“An extraordinary assessment of the birth and death of urbanism and its effects on New Haven’s past, present, and future. It is a great book, the happy marriage of an astute, scholarly synthesis and an accessible walking tour of the city.”—Alan Schoenfeld, The Next American City

“Rae makes a major contribution with this book. I know of no other work that weaves so much detail with so much sophistication about what the detail means. I plan to recommend this book to everyone interested in cities that I know.”—Gerald E. Frug, Harvard Law School and author of City Making: Building Communities without Building Walls

“Douglas Rae’s City: Urbanism and Its End is exceptionally well-written, fascinating in its rich historical detail, and a pleasure to read. This book is indispensable for those seeking to understand the tragic destiny of America’s cities. As a work of social history it is quite an achievement.”—James Howard Kunstler, author of The Geography of Nowhere and other books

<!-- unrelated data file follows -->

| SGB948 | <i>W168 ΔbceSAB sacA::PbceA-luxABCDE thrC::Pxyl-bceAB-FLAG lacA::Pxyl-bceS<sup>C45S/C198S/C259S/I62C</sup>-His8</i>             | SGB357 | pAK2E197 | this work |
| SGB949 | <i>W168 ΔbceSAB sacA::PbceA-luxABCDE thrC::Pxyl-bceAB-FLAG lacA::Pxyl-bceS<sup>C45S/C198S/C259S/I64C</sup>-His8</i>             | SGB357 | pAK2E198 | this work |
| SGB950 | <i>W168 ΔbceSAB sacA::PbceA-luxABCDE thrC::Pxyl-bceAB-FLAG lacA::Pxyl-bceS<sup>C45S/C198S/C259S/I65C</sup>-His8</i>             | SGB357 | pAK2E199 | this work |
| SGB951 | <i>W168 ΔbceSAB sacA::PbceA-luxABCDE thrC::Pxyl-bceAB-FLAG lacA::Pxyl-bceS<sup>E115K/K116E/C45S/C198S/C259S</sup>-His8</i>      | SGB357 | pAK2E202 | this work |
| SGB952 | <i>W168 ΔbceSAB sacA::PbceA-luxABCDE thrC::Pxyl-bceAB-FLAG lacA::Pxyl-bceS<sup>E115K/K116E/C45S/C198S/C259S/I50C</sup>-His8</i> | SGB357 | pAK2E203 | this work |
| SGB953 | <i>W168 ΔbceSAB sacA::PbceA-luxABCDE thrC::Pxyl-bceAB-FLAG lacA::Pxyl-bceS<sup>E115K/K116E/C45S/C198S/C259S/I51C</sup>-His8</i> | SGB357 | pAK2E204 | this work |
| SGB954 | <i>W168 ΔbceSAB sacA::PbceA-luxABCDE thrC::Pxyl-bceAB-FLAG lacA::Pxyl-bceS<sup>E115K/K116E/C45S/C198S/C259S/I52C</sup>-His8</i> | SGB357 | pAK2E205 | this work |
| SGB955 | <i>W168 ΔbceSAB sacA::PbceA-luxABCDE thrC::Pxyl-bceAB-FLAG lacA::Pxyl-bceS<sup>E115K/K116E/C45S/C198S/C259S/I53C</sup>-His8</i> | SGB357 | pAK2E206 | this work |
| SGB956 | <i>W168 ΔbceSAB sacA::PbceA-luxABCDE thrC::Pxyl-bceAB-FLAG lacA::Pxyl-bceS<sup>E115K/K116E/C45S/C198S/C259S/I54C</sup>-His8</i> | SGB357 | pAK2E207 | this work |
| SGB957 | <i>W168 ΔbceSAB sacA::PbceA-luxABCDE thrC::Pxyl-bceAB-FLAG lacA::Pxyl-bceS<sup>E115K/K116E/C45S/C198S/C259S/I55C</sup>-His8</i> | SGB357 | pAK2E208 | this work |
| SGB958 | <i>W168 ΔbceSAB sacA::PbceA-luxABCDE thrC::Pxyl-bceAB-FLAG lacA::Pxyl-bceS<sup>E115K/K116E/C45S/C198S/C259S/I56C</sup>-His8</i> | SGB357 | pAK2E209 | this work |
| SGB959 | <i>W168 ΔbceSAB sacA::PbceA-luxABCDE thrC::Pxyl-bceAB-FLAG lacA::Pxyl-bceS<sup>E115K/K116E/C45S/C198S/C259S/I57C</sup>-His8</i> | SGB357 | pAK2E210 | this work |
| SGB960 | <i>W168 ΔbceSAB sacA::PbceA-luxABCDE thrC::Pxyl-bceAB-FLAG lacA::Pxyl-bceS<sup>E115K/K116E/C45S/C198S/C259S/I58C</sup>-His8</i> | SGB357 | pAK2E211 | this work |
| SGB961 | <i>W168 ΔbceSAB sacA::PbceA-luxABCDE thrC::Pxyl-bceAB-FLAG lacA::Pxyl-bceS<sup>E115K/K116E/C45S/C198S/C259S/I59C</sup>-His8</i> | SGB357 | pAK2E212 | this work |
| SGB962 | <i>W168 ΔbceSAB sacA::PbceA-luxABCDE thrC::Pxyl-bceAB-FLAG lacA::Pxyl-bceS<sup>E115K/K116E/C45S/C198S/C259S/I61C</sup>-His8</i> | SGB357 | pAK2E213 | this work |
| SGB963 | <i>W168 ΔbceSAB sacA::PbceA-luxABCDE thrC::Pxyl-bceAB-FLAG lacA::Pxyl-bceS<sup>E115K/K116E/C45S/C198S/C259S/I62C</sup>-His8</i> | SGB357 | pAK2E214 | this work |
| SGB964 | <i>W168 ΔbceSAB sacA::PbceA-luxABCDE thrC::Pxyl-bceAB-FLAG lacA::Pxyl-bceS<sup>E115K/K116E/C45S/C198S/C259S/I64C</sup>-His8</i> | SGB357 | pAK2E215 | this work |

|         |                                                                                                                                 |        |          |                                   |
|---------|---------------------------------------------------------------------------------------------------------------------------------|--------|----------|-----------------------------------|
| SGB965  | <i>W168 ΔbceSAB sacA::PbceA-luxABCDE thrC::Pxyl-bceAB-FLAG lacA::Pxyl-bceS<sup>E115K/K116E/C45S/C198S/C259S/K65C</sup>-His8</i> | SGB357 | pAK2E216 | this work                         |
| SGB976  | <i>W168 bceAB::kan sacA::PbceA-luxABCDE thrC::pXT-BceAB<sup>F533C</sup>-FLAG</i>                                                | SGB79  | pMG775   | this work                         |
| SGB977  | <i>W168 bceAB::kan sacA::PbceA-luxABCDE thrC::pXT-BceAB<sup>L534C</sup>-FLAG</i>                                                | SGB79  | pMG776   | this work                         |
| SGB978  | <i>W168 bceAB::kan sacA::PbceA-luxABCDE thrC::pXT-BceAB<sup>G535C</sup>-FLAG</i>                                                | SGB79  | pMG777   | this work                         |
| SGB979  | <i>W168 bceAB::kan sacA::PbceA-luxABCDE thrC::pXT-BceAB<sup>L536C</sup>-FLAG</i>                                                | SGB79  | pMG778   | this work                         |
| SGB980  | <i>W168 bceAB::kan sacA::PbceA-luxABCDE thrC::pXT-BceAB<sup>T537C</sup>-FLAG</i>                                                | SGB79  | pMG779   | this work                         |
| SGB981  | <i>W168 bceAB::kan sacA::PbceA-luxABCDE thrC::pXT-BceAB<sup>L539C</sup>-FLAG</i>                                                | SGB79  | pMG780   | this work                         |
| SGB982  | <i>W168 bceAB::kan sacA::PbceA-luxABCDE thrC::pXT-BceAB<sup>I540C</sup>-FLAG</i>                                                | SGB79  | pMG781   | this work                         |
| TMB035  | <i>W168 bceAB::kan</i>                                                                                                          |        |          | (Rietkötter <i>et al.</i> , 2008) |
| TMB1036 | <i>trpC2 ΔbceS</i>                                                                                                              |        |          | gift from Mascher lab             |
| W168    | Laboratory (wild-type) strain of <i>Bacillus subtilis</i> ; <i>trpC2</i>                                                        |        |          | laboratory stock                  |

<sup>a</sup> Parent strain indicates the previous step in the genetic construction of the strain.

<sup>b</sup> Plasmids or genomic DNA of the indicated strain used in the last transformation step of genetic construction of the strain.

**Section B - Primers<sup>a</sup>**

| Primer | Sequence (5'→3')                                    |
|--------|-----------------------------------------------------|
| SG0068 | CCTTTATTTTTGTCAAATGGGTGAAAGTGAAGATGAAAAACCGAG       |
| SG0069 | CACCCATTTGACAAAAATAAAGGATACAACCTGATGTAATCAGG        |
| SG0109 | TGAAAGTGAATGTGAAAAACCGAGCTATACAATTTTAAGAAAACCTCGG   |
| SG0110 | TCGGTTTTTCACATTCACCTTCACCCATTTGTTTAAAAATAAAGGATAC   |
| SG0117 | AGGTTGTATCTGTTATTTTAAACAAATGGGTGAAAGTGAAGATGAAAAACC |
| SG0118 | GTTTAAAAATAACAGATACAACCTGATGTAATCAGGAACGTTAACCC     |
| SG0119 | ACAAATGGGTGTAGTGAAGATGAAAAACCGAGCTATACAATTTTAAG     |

"At last we have an answer to Who Governs? with the same intellectual heft. City could singlehandedly revive the study of urban politics and the analysis of power in American society, with insights on history, race, capitalism, and policy problems thrown in for good measure."—Jennifer Hochschild, author of Facing up to the American Dream: Race, Class, and the Soul of the Nation

“Gracefully written and displaying an astonishing array of information from obscure if not fugitive sources, this book is a major statement about urban life at the turn of the century.”—Raymond Wolfinger, University of California, Berkeley

“It sets a new standard for the study of the city in the context of its broader significance—a standard, I’d predict, that few others will be able to measure up to.”—Robert Dahl, author of Who Governs? and How Democratic Is the American Constitution?